NCI-supported Cancer Model Development Centers (CMDCs) and HCMI consortium members will create about 1,000 new cancer models. At present, the models are being derived from diverse tumor subtypes from different populations. The models and case-associated clinical and molecular data are available to cancer researchers as a community resource.

The sequence information from tumor-derived models, normal tissue, and parent tumor, as well as patients’ de-identified clinical data, are available to researchers through the NCI’s Genomic Data Commons (GDC).The European Genome-phenome Archive at the European Bioinformatics Institute is the repository for the sequencing data generated by the European consortium members. Availability of these datasets allows for correlation of genomic data with clinical characteristics. The models are available to researchers through a third-party distributor.


Many of the cancer cell lines that are commonly used in cancer research were established decades ago. These cell lines have been useful for in vitro experiments to study cancer biology, biochemistry, and drug targets. However, drawing conclusions about how in vitro observations may relate to clinical biology is challenging because cancer cell lines:

  • lack the cellular complexity and architecture of human tumors, which introduces possibility that genetic drift may have occurred after the cell line was established.
  • are not associated with clinical information from the patient.
  • genomic relatedness to the parent tumor is unknown, and molecular characterization including assessment of genomes and transcriptomes of these cell lines, until recently, were mostly unavailable.
  • from diverse racial and ethnic groups and rare cancers are seldom represented in currently available cell lines.

HCMI addresses the deficiencies in current models by collecting patients’ clinical data and assessing, as much as possible, the genomes and transcriptomes of the parent tumor, case-matched normal tissue, and the derived next-generation cancer model. The information collected are made available to the end-user.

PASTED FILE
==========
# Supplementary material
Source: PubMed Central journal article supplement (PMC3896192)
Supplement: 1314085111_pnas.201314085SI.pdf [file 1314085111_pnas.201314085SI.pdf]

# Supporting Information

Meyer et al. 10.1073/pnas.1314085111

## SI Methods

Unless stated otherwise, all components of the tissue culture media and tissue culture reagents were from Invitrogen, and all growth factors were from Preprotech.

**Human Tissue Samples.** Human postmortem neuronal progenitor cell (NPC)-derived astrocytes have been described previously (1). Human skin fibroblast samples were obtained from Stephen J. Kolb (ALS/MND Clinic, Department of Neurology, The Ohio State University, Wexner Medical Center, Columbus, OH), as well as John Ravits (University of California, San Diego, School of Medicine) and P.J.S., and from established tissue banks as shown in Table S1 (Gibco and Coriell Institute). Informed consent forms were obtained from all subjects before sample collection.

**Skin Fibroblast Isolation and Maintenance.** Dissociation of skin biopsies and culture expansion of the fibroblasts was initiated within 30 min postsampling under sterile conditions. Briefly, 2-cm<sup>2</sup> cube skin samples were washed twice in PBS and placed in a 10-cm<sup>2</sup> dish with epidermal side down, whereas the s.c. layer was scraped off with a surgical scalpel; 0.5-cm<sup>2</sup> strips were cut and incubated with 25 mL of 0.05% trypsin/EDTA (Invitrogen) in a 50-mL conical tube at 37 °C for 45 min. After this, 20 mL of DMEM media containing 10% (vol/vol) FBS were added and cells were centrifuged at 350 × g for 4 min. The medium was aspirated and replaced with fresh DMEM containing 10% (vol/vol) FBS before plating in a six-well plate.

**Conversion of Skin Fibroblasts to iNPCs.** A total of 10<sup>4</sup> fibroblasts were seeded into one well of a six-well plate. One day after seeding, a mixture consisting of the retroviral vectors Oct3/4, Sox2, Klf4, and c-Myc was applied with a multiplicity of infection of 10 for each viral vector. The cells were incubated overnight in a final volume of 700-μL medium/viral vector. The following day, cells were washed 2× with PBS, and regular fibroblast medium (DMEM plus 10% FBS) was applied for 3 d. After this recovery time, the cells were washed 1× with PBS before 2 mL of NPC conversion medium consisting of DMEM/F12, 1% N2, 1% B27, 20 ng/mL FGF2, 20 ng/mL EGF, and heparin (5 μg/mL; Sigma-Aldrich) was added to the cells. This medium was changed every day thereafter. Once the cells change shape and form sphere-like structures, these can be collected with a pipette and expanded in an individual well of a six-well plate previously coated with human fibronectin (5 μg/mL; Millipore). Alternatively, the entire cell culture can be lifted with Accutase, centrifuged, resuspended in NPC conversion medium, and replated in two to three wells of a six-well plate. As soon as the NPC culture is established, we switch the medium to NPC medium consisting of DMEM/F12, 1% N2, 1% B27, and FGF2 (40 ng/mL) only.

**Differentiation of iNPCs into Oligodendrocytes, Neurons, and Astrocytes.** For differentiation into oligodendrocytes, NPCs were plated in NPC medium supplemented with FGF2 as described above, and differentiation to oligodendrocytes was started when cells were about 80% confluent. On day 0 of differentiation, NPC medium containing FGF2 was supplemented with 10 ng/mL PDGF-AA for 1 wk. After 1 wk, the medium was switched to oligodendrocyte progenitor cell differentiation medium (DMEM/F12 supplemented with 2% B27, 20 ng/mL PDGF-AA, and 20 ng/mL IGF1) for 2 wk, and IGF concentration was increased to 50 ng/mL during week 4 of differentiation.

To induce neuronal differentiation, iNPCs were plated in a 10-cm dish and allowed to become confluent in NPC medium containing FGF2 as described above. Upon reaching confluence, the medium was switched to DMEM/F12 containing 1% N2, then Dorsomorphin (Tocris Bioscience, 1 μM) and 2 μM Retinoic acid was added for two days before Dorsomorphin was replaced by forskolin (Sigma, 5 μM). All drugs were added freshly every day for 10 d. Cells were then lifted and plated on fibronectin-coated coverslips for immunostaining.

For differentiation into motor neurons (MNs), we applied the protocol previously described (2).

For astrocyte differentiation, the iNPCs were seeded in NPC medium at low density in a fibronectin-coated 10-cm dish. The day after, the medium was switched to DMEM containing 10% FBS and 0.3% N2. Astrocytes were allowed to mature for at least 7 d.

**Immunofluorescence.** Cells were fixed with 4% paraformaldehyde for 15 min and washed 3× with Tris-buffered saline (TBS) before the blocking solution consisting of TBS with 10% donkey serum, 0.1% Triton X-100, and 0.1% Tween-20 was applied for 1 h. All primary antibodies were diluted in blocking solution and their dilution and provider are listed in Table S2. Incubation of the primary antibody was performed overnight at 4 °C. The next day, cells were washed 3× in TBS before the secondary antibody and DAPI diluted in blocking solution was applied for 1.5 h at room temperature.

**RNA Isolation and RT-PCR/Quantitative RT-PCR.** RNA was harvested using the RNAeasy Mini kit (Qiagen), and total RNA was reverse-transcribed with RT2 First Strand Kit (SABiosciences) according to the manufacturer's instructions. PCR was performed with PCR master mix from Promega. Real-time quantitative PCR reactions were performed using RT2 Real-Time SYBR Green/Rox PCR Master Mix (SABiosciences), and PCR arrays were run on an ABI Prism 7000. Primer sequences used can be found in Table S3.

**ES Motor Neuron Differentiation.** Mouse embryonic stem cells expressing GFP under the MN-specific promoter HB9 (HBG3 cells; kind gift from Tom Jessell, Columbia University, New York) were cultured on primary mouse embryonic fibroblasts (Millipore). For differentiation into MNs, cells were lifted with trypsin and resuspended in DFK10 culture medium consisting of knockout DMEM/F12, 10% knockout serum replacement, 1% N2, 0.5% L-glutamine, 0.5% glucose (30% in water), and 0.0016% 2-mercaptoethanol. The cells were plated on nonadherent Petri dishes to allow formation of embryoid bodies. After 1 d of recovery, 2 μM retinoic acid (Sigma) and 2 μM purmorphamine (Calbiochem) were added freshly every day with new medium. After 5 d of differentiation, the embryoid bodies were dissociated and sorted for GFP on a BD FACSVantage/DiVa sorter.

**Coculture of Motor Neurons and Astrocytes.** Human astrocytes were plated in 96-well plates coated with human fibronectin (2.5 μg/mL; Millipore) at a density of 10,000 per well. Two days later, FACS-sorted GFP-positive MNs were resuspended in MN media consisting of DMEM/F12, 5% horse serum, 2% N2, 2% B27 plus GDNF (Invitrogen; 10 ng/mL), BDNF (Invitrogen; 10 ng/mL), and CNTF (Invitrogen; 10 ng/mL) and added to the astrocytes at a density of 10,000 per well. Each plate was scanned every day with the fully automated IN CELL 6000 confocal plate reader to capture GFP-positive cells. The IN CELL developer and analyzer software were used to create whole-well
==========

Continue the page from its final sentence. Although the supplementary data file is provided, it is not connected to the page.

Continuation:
Next-generation Cancer Models

Next-generation cell culture models, such as organoids, conditionally reprogrammed cells (CRC), or optimal growth condition models introduce the opportunity to propagate primary normal and cancer cells. The term organoid here refers to a three-dimensional (3D) structure grown from tumor cells in vitro that comprises organ-specific cell types. The CRC methodology uses unique cell growth media supplemented with growth factors to enable cancer model development and growth for in vitro experiments. The organoid, CRC, and optimum growth condition methods have been used, with some modifications, to grow tumor tissues in research.

Next-generation cancer model systems present a unique opportunity for the scientific community to study individual human tumors in vitro to further advance knowledge in a variety of research areas such as cancer biology, biochemistry, and exposure to perturbagens. The next-generation cancer models that result from the efforts of HCMI provides excellent tools to support precision oncology research and give insight into the pathways that influence tumor progression.

Tumor Types

The goal of HCMI is to generate models from many human cancer subtypes, including breast, colorectal, glioblastoma, gastroesophageal, lung, melanoma and pancreas. Models from rare adult and pediatric cancers including neuroblastoma, osteosarcoma, Wilms tumor, rhabdomyosarcoma and Ewing sarcoma have been developed by HCMI. Model generation from new cancer types including kidney, ovarian, and endometrial cancers is currently ongoing. The model list along with their associated case report forms (CRFs) will be updated as more cancers are represented by HCMI models in the future. 

Developing Models to Address Cancer Disparities

NCI has made a strong commitment to decrease cancer health disparities by supporting model development from racially and ethnically diverse populations. OCG has partnered with the Center to Reduce Cancer Health Disparities (CRCHD) to support research supplement awards for collection of tumors and clinical data from racial and ethnic minority populations for next-generation cancer model development. 

Center for Cancer Genomics director Dr. Staudt mentioned the HCMI’s collaboration with the CRCHD in his blog post “Continuing Our Work in the Time of Two Pandemics”.

Model Characterization and Standardization

HCMI models and associated tumor and normal tissues are characterized using standard operating procedures for clinical and molecular data.

HCMI uses cancer type-specific Clinical Data Working Groups to generate Case Report Forms (CRFs). Clinical Data Working Groups are composed of disease experts and pathologists who contribute to the content of the cancer type-specific CRFs used to collect HCMI clinical data. These CRFs function to standardize the clinical data that is collected from participating HCMI sites.

To help standardize molecular characterization, sequence data of NCI-supported models and associated normal and tumor tissue are harmonized through NCI's Genomic Data Commons (GDC). Available datasets are at the GDC data portal. This includes datasets from

  • 150x whole exome (WXS),
  • 15x whole genome (WGS), and
  • 120 million read RNA-sequencing
  • Infinium MethylationEPIC DNA Array
Last updated: March 06, 2021